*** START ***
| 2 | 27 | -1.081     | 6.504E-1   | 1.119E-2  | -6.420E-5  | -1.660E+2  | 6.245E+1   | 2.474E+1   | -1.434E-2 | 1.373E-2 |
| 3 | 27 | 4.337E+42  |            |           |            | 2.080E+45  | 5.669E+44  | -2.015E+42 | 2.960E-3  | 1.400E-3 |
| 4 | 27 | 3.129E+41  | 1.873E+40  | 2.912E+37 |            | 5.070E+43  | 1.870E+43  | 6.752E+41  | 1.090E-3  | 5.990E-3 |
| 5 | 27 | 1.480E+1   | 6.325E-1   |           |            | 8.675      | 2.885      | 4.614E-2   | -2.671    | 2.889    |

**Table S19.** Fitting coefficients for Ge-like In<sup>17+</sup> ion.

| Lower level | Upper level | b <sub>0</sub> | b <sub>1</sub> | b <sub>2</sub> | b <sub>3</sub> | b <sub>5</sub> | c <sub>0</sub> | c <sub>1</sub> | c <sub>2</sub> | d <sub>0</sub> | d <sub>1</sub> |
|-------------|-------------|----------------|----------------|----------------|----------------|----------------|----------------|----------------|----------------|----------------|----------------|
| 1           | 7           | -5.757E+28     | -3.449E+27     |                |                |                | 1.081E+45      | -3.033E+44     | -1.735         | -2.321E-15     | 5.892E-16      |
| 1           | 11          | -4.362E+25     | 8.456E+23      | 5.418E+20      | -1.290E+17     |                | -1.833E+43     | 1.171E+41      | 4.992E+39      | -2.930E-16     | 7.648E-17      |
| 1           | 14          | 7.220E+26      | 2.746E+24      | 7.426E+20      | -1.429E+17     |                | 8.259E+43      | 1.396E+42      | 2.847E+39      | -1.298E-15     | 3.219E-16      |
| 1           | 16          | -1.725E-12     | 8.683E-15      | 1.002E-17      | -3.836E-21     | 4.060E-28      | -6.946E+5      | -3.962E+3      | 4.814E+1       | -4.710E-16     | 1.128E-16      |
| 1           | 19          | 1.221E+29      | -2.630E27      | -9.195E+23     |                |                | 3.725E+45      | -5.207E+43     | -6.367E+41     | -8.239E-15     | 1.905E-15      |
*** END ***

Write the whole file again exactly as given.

| 2 | 27 | -1.081     | 6.504E-1   | 1.119E-2  | -6.420E-5  | -1.660E+2  | 6.245E+1   | 2.474E+1   | -1.434E-2 | 1.373E-2 |
| 3 | 27 | 4.337E+42  |            |           |            | 2.080E+45  | 5.669E+44  | -2.015E+42 | 2.960E-3  | 1.400E-3 |
| 4 | 27 | 3.129E+41  | 1.873E+40  | 2.912E+37 |            | 5.070E+43  | 1.870E+43  | 6.752E+41  | 1.090E-3  | 5.990E-3 |
| 5 | 27 | 1.480E+1   | 6.325E-1   |           |            | 8.675      | 2.885      | 4.614E-2   | -2.671    | 2.889    |

**Table S19.** Fitting coefficients for Ge-like In<sup>17+</sup> ion.

| Lower level | Upper level | b <sub>0</sub> | b <sub>1</sub> | b <sub>2</sub> | b <sub>3</sub> | b <sub>5</sub> | c <sub>0</sub> | c <sub>1</sub> | c <sub>2</sub> | d <sub>0</sub> | d <sub>1</sub> |
|-------------|-------------|----------------|----------------|----------------|----------------|----------------|----------------|----------------|----------------|----------------|----------------|
| 1           | 7           | -5.757E+28     | -3.449E+27     |                |                |                | 1.081E+45      | -3.033E+44     | -1.735         | -2.321E-15     | 5.892E-16      |
| 1           | 11          | -4.362E+25     | 8.456E+23      | 5.418E+20      | -1.290E+17     |                | -1.833E+43     | 1.171E+41      | 4.992E+39      | -2.930E-16     | 7.648E-17      |
| 1           | 14          | 7.220E+26      | 2.746E+24      | 7.426E+20      | -1.429E+17     |                | 8.259E+43      | 1.396E+42      | 2.847E+39      | -1.298E-15     | 3.219E-16      |
| 1           | 16          | -1.725E-12     | 8.683E-15      | 1.002E-17      | -3.836E-21     | 4.060E-28      | -6.946E+5      | -3.962E+3      | 4.814E+1       | -4.710E-16     | 1.128E-16      |
| 1           | 19          | 1.221E+29      | -2.630E27      | -9.195E+23     |                |                | 3.725E+45      | -5.207E+43     | -6.367E+41     | -8.239E-15     | 1.905E-15      |